Is Newcastle a 15-minute city?
Carlos Moreno is credited with developing the concept of the 15-minute city, which has been successfully applied in the city of Paris. The concept is now being examined by a global coalition of 96 mayors and elected city representatives known as C40 Cities, who are considering the impact of the approach in helping them to deliver the urgent action needed to confront the climate crisis.The C40 group introduce the concept as follows:
“The 15-minute city weaves together strands of climate action and people-centric urban development to create an approach that can help cities of all shapes and sizes live with and recover better from the pandemic. It describes an aspiration for more vibrant, convenient, connected and equitable neighbourhoods.”
So, the concept is growing in popularity, and it offers a framework which may help create socially and economically sustainable outcomes in a post-pandemic world threatened by an urgent climate crisis. In this blog I want to examine the progress towards making Newcastle upon Tyne a 15-minute city, explore the challenges which will need to be overcome to achieve it, and suggest solutions so that Newcastle may also move towards the goals set out by the C40 Cities collective.
Firstly, how close is Newcastle to achieving 15-minute city status already? One advantage of the city is that is quite small, and relatively compact. It is quite possible to walk from one part of the City Centre to the other in about 15 minutes, depending on what the definition of the City Centre is. The map below shows the approximate distance covered by 15 minutes walking. The City Centre therefore has many of the elements required for 15-minute cities. Somebody living and working in the City Centre would have very good access to the leisure facilities, retail, green spaces and transport links etc. required to meet the 15-minute city criteria. They would therefore have very little need for a car as most amenities are within 15 minutes’ walk.
Newcastle City Centre: A 15-minute neighbourhood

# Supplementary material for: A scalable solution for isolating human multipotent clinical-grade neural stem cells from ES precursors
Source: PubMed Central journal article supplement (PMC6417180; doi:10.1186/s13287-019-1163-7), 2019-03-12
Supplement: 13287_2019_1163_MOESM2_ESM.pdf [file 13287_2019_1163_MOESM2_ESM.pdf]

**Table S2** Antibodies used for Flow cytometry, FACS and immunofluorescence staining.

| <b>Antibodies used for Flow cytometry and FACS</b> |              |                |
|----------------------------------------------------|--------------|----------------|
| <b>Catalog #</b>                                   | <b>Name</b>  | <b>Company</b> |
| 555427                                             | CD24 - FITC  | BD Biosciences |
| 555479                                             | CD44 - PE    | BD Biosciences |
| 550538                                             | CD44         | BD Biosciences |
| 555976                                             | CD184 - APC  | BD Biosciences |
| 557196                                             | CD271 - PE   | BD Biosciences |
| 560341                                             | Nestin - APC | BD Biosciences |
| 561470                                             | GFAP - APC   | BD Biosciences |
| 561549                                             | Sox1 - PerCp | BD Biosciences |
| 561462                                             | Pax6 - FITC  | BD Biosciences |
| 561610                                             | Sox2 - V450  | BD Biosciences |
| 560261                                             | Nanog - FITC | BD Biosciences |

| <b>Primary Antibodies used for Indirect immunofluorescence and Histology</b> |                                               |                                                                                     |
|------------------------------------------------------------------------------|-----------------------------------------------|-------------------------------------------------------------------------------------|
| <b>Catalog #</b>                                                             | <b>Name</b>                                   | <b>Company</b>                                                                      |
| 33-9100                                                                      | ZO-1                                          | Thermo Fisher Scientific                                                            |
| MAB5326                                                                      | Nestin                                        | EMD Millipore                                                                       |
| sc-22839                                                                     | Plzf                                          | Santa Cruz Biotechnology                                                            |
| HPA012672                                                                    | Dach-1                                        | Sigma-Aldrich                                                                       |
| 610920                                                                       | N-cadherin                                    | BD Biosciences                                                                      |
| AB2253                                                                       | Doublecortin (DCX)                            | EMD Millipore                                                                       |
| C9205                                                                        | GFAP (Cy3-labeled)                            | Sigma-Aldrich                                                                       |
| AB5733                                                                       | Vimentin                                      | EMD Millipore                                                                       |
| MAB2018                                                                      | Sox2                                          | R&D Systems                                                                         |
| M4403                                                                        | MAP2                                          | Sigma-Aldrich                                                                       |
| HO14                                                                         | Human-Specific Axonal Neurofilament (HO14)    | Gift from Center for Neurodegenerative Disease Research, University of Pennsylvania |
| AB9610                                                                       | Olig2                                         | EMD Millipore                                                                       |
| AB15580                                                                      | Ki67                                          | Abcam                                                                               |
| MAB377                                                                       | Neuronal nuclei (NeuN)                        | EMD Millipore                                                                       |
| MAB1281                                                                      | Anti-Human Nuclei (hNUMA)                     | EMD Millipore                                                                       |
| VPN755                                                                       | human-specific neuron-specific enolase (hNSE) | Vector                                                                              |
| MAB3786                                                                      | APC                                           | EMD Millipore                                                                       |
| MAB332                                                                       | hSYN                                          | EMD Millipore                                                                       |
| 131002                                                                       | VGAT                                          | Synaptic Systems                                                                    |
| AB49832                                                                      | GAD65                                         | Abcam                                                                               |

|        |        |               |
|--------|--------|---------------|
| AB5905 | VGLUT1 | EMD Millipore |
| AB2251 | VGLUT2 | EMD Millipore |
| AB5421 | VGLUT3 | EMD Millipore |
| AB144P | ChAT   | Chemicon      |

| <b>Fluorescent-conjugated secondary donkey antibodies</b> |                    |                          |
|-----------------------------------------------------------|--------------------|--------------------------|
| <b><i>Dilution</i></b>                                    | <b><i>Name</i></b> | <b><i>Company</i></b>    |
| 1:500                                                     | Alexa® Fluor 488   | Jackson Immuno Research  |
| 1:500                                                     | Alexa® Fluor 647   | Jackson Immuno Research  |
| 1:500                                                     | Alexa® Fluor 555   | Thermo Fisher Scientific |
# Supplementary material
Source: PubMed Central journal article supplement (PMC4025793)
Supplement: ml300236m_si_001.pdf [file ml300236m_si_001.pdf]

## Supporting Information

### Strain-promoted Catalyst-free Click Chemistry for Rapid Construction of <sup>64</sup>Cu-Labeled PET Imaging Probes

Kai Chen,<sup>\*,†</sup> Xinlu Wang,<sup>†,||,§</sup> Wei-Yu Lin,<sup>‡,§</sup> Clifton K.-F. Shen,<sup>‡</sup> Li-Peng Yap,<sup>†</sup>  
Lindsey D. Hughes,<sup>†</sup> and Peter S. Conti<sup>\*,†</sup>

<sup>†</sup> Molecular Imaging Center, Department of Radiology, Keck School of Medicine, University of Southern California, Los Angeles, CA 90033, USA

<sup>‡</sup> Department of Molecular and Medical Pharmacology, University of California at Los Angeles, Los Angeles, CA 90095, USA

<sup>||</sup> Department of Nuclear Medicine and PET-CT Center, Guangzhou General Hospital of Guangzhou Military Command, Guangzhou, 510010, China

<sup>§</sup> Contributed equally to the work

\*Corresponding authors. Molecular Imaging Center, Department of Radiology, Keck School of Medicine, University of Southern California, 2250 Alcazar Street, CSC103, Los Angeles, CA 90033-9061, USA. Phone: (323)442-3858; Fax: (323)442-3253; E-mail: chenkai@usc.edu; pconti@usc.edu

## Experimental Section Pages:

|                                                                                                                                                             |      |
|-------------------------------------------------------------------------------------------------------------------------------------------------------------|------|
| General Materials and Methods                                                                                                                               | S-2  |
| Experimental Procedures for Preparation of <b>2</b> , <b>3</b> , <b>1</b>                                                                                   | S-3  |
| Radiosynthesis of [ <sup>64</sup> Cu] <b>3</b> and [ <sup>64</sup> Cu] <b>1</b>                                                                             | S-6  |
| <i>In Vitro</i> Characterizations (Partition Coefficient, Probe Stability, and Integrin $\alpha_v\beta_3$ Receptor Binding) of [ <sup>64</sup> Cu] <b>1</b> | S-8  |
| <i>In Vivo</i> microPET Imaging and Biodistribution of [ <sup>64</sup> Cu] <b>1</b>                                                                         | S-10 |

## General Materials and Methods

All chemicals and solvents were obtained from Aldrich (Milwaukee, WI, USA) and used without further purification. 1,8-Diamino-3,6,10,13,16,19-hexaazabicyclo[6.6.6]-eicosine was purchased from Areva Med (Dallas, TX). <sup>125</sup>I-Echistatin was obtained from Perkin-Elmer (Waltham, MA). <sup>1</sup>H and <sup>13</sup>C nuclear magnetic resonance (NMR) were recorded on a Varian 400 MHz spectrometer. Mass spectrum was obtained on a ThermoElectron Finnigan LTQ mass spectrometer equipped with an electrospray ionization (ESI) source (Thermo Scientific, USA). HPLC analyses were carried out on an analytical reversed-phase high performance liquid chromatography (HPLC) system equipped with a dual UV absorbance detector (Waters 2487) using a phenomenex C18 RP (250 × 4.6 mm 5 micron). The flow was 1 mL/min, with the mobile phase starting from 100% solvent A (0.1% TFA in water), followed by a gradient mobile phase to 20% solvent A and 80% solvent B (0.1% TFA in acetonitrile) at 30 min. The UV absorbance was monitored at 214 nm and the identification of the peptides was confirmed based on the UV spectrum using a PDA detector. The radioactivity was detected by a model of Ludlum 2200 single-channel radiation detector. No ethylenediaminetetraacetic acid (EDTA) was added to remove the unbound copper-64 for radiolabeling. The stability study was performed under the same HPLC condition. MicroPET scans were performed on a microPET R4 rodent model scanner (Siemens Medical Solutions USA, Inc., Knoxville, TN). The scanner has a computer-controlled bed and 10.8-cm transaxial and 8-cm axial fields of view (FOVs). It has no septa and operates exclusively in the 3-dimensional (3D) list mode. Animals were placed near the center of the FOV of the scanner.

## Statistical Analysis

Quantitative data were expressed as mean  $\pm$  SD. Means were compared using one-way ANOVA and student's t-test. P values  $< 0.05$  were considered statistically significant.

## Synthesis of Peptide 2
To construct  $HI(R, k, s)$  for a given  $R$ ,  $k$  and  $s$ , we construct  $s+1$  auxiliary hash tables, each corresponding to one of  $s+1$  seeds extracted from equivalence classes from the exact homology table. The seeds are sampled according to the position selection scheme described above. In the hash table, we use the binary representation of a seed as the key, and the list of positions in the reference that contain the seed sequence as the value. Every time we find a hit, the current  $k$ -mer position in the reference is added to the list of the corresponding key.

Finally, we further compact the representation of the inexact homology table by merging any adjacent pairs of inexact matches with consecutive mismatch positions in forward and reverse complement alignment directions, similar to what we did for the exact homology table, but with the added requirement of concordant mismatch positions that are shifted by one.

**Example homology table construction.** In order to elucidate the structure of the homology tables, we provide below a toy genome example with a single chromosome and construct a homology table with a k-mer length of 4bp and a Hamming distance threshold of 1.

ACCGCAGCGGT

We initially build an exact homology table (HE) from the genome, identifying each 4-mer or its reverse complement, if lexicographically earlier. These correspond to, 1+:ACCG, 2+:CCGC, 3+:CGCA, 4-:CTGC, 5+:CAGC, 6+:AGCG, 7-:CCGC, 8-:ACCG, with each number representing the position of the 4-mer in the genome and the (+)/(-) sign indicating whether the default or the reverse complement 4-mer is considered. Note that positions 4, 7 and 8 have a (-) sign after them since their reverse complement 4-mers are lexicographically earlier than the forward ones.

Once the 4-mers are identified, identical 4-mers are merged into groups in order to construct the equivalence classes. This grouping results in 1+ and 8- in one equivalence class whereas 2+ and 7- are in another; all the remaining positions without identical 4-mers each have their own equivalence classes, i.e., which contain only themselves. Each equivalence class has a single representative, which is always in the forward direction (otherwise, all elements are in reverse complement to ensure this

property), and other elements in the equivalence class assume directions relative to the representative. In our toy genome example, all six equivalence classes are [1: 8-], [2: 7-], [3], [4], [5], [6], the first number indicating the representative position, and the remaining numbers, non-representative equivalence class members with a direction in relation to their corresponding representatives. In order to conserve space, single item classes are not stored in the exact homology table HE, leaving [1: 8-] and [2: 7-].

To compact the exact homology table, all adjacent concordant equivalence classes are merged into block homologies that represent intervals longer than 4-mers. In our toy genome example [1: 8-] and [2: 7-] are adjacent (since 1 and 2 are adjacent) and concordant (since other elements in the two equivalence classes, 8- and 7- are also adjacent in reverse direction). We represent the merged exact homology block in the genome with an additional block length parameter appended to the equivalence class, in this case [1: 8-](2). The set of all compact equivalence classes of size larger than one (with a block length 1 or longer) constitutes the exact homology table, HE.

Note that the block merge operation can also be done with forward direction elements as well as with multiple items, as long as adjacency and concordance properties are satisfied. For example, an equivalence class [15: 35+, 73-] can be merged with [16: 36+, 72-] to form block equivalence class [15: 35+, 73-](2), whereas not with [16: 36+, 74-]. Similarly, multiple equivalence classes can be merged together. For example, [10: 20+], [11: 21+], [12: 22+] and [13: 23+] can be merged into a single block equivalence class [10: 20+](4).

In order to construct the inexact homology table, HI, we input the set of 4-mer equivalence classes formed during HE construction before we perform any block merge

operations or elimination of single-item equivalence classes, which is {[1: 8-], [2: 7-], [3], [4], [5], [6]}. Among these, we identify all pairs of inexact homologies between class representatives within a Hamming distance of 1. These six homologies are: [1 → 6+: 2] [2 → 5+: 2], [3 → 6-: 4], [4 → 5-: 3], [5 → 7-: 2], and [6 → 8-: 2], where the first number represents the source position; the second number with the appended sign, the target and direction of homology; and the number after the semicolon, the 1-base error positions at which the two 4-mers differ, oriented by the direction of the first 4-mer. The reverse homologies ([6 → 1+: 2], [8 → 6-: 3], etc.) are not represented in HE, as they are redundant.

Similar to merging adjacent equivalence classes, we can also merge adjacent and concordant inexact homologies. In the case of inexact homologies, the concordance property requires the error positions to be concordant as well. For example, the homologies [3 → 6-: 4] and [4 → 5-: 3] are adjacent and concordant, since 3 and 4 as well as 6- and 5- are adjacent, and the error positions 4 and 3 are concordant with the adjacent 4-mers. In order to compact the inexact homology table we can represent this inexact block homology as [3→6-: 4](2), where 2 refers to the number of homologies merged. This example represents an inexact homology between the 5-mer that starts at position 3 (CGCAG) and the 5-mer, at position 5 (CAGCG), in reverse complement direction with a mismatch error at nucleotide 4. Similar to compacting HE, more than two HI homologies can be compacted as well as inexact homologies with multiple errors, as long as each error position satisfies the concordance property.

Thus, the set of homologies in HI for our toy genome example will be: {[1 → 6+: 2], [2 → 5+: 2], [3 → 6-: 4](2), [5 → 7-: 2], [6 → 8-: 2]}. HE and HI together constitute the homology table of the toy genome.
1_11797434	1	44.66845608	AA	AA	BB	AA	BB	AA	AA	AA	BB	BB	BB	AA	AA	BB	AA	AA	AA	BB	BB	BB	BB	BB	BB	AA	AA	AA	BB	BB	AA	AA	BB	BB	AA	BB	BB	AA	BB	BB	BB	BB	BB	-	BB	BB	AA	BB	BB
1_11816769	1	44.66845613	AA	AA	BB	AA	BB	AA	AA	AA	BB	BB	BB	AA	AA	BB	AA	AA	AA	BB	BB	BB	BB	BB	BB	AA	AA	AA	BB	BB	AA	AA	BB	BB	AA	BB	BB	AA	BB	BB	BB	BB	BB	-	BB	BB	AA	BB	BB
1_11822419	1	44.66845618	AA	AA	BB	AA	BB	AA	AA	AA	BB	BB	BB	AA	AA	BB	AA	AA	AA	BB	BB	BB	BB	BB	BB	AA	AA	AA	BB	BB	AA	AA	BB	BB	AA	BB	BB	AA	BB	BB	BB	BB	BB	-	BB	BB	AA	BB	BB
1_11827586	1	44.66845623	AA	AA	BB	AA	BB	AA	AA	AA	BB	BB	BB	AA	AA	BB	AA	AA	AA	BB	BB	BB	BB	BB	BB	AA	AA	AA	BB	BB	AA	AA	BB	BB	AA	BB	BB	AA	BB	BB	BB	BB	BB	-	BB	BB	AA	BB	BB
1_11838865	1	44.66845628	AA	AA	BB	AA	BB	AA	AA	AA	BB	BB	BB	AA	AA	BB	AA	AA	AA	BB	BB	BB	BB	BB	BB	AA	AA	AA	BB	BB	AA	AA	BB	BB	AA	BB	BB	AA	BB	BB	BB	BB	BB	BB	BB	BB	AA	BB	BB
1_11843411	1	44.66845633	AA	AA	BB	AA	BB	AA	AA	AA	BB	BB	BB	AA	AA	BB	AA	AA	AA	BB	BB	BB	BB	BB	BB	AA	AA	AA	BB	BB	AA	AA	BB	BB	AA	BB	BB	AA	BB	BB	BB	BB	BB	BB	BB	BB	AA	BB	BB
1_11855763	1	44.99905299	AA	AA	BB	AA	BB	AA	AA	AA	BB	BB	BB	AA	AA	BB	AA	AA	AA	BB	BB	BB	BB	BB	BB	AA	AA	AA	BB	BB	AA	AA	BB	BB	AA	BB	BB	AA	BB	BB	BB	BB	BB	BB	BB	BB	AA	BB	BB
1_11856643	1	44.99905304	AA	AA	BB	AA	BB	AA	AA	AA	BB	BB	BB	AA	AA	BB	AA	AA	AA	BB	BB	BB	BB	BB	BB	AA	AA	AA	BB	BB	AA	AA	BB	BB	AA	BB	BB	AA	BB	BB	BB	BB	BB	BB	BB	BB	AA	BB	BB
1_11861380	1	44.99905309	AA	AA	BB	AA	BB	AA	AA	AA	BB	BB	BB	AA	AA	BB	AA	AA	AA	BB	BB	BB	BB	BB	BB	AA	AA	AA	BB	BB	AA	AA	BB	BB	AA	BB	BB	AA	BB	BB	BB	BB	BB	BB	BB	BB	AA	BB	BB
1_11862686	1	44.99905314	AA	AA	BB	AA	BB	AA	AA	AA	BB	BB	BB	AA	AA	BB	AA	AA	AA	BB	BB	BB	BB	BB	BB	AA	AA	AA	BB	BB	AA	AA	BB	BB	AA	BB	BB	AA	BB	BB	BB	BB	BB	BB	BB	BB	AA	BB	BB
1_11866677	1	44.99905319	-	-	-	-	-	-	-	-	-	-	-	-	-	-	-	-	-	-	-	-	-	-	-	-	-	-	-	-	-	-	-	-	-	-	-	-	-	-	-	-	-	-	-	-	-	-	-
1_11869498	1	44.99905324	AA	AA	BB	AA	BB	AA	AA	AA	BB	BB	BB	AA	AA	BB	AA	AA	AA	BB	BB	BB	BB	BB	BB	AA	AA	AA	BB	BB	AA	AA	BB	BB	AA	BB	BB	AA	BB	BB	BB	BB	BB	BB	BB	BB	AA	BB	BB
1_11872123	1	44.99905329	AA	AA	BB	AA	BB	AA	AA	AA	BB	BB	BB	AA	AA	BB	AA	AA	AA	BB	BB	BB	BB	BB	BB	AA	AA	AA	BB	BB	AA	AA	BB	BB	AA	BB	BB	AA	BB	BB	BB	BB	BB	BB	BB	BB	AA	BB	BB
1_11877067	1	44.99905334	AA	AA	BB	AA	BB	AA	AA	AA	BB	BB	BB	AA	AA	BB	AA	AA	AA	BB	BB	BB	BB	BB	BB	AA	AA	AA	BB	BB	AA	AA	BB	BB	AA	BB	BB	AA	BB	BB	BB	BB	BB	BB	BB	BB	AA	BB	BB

Beyond the city centre, however, finding neighbourhoods which demonstrate the 15-minute city criteria becomes more challenging. Gosforth is a good example of a neighbourhood which does demonstrate the criteria. It has retail, cultural and entertainment amenities on Gosforth High Street, well maintained public space in Gosforth Central Park, well maintained cycle paths, and frequent Metro and bus connections to the City Centre. Similarly, Jesmond, the Ouseburn area of Byker and Heaton are well set up for those who want to work in the city or centre or work from home. Transport connections are good, public spaces and parks are large and well maintained.
Contrast these neighbourhoods with those in the West of the city such as Elswick, Benwell and Fenham and the image of Newcastle as a 15-minute city overall starts to unravel. These parts of the city are lacking fundamental amenities which other parts of the city take for granted; for example, the Metro system does not extend to this area, shopping, cultural and entertainment facilities are distributed sporadically and are of varying quality. There are no community facilities in these areas: no swimming pools, no theatres, no libraries, and facilities which engage young people are virtually non-existent. Compare the amenities in the green spaces of Benwell’s Hodgkin Park and Denton Dene to those found in Heaton Park and Jesmond Dene and the disparities are obvious.
It is encouraging that Newcastle City Council has set a goal to achieve 15-minute city status, but I feel it is time the Council shifts its focus towards improving the underfunded and underprivileged parts of the city in order to achieve this goal. By extending the metro line, improving public spaces and investing in green infrastructure, the West end of the City could become far more appealing to investors and thereby more economically successful.
But the redevelopment and reengagement of these neighbourhoods need not come at a high price as the ethos of the 15 minute-city actively empowers community participation. Secondary schools could be used as cinemas at weekends, Youth groups could use existing healthcare facilities in the evenings, Primary Schools could offer cycling and cycle maintenance classes to encourage more active travel. Community events, steering groups and public participation strategies could all be set up at low cost.
Now, for a look at how Newcastle City Council’s vision for the city in the next 10 years, have a look at this article https://www.chroniclelive.co.uk/news/north-east-news/massive-developments-change-newcastle-future-19278508 and ask yourself how seriously the Council consider issues such as social mobility, inclusion and sustainable travel. Consider the councils’s real response to the impending climate crisis. Ask yourself also what is really driving the decisions to approve these projects, and how they will actually benefit the people living in Newcastle’s neighbourhoods.
Ironically, Elswick, Central Gateshead and Walker are only about 15 minutes’ walk away from the proposed Newcastle Gateshead Quays. I wonder how many of their residents will benefit from its development.